Creative, yes. But will it work? Some experts think it's a stretch. By claiming that the Martin Act of 1921, a highly flexible New York state law whose boundaries have not been tested in court, does not require him to prove a quid pro quo, "Spitzer is definitely pushing the envelope," says former SEC enforcement attorney Gregory S. Bruch.

Still, you have to give Spitzer credit, says University of Texas law professor Henry T.C. Hu, for forcing everyone to rethink accepted customs. By placing the practice of "spinning"--the allocation of hot IPOs to CEOs who in turn sell the shares for quick profits--under a harsh light, Spitzer "has brought fear into the corporate setting."

Spitzer's unorthodox case has already achieved one thing: Spurring on the Securities & Exchange Commission, where more tradition-minded lawyers bridle at his aggressive moves. But despite tactical differences, both the SEC and Spitzer aim to punish corporate malefactors at the top.

Justice Dept. prosecutors are also getting more creative. Already, they've used the money-laundering statute, not securities laws, in a case against Enron financial employee Michael J. Kopper. This allowed prosecutors to freeze $12 million worth of Kopper's assets--and to obtain a court order to freeze $26 million of Fastow's assets. Such tactics normally are reserved for suspected drug dealers.

Federal prosecutors are also coordinating their actions in unprecedented ways. The SEC's Enforcement Div. and U.S. attorneys are working hand-in-glove by sharing information, much of it from company whistleblowers, about corporate misdeeds. That way, law enforcers can use multiple centers of prosecution to pressure lower-level employees, then climb the ladder to the executive suite.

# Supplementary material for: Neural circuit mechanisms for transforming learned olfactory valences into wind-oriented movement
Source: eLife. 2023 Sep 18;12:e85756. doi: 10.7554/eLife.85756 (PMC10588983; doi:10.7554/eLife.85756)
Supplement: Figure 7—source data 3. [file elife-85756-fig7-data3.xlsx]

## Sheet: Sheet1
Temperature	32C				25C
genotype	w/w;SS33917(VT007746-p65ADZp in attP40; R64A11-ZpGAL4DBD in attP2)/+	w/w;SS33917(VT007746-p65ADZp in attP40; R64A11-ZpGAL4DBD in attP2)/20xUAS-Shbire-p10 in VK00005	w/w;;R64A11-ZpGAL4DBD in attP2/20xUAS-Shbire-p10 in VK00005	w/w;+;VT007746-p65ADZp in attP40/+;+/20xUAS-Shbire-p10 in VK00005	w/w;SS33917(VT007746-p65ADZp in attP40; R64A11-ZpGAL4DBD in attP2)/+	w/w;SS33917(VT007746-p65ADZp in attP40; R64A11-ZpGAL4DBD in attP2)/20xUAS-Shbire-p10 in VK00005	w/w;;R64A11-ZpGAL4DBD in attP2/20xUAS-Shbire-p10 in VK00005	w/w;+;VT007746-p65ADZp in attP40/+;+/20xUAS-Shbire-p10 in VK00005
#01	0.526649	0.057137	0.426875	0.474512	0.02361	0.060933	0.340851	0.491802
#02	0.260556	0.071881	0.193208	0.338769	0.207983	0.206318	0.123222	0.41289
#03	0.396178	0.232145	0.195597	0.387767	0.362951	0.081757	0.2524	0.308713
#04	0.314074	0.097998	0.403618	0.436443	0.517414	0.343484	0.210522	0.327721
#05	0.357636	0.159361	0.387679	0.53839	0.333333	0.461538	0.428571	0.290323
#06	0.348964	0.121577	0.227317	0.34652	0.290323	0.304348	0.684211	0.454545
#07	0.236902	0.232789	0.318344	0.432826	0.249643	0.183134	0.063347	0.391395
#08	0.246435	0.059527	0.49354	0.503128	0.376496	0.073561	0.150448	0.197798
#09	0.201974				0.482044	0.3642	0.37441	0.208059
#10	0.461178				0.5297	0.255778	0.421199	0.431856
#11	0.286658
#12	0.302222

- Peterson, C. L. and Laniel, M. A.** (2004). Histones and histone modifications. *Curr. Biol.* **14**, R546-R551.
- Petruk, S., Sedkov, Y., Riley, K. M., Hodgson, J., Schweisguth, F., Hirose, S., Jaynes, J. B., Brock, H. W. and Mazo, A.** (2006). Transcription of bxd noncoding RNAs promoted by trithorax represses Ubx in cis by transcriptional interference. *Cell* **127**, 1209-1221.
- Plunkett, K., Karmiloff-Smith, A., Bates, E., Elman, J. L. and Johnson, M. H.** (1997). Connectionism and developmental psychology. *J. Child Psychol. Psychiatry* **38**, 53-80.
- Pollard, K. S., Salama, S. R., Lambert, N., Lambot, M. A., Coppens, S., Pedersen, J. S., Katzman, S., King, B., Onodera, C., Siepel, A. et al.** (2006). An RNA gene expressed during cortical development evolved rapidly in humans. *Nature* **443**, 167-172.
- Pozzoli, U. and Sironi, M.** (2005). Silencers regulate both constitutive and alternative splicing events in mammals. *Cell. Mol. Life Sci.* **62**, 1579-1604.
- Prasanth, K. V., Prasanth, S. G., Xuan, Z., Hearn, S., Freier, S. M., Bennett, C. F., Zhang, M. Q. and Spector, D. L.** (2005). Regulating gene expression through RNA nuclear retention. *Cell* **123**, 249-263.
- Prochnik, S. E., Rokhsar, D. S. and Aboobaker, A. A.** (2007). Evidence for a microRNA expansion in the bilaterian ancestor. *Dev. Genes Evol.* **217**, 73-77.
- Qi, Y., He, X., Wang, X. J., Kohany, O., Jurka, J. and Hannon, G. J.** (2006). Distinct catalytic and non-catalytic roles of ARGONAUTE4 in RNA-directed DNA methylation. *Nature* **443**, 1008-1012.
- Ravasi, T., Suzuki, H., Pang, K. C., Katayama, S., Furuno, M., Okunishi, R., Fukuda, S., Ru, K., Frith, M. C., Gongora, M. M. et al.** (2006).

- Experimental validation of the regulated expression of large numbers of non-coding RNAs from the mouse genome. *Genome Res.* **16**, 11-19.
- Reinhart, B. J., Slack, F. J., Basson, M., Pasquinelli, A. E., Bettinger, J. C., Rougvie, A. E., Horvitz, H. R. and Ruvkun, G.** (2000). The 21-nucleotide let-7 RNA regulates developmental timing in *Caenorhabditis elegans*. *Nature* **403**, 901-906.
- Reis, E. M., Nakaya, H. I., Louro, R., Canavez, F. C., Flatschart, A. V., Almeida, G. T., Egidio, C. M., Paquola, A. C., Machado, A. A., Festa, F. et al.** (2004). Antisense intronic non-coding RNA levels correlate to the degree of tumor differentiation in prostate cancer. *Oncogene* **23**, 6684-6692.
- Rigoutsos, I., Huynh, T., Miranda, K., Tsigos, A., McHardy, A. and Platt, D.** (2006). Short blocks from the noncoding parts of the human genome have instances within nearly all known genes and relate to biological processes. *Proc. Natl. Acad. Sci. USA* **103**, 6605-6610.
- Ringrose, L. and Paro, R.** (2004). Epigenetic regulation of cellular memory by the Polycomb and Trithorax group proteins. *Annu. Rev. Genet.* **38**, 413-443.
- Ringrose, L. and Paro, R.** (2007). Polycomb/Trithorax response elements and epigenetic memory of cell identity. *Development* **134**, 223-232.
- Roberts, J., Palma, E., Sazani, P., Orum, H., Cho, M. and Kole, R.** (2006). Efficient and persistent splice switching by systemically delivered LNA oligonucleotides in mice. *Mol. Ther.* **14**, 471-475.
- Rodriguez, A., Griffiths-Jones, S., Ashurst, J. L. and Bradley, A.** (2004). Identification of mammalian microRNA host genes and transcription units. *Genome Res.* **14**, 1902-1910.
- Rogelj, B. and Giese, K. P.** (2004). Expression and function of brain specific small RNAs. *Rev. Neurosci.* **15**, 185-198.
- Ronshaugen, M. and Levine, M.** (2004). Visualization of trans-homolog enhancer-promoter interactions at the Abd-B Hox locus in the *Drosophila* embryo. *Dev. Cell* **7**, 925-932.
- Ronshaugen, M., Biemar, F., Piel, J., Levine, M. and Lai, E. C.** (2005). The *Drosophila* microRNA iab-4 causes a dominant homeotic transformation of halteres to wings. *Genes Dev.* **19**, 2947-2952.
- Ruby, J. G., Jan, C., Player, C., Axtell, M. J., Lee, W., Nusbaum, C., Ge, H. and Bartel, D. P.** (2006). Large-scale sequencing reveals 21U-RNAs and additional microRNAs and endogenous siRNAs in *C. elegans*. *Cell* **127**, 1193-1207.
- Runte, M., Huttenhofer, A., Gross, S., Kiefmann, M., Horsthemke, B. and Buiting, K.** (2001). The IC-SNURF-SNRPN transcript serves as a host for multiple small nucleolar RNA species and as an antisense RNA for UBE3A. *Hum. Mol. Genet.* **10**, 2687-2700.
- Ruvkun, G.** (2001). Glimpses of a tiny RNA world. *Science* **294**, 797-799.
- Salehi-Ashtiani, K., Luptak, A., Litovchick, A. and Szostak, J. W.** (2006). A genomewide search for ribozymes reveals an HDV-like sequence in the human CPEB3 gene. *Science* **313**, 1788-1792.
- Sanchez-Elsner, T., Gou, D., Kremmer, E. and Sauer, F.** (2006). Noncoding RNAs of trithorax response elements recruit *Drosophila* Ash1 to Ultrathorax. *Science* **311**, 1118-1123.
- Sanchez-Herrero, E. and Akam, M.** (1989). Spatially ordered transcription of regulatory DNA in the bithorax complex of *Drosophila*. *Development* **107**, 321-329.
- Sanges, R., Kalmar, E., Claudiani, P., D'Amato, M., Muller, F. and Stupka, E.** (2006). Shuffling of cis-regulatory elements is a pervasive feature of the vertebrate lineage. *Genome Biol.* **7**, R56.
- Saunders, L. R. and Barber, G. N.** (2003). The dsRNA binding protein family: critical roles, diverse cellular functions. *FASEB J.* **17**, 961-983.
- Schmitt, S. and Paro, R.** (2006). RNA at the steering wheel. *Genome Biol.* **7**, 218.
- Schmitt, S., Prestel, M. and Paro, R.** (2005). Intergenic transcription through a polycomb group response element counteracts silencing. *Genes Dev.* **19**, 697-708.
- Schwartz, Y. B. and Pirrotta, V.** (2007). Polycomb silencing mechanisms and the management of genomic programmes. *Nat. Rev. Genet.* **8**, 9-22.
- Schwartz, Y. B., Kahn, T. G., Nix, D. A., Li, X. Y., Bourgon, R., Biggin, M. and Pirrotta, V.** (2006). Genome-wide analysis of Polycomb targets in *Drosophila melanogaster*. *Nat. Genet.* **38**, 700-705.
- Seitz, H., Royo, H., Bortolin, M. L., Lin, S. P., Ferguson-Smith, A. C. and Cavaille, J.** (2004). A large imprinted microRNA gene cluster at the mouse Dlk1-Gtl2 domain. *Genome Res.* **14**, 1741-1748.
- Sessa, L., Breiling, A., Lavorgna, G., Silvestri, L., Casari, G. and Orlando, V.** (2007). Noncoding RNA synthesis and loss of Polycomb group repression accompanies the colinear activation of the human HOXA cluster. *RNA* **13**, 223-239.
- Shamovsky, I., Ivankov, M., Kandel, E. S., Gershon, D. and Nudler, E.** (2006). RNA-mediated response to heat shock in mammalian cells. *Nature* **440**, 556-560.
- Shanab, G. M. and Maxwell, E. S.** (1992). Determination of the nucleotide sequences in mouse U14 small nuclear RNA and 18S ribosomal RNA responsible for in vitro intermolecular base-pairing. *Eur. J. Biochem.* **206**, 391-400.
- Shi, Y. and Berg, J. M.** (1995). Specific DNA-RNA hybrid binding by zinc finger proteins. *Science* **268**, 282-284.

On Capitol Hill, with midterm elections a month away and voters clamoring for high-level scalps, Louisiana GOP Representative W.J. "Billy" Tauzin is doing some arm-twisting of his own. Tauzin aims to undercut telecom CEO claims that they were unaware of attempts by underlings to swap network capacity to meet earnings estimates. Such swaps served little purpose but appear to have artificially enhanced revenues, according to investigators.

On Sept. 30, Tauzin's House Energy & Commerce Committee released a selection of Winnick's e-mails, including one from July, 2001, in which he told CEO Thomas J. Casey that he had discussed a $900 million capacity swap with Enron's Skilling. "The evidence seems to indicate he did" have knowledge about the swaps, says lawyer Phillips. To bring a securities fraud case, though, prosecutors must show Winnick had reason to believe the accounting treatment of the swaps was improper. Winnick denies wrongdoing.

Whether the action is on Capitol Hill, in statehouses, or inside courthouses, Corporate America's bad guys are watching closely as they suddenly find themselves a fat target of prosecutors.

By Paula Dwyer

With Wendy Zellner in Dallas, Christopher Palmeri in Los Angeles, and Dan Carney in Washington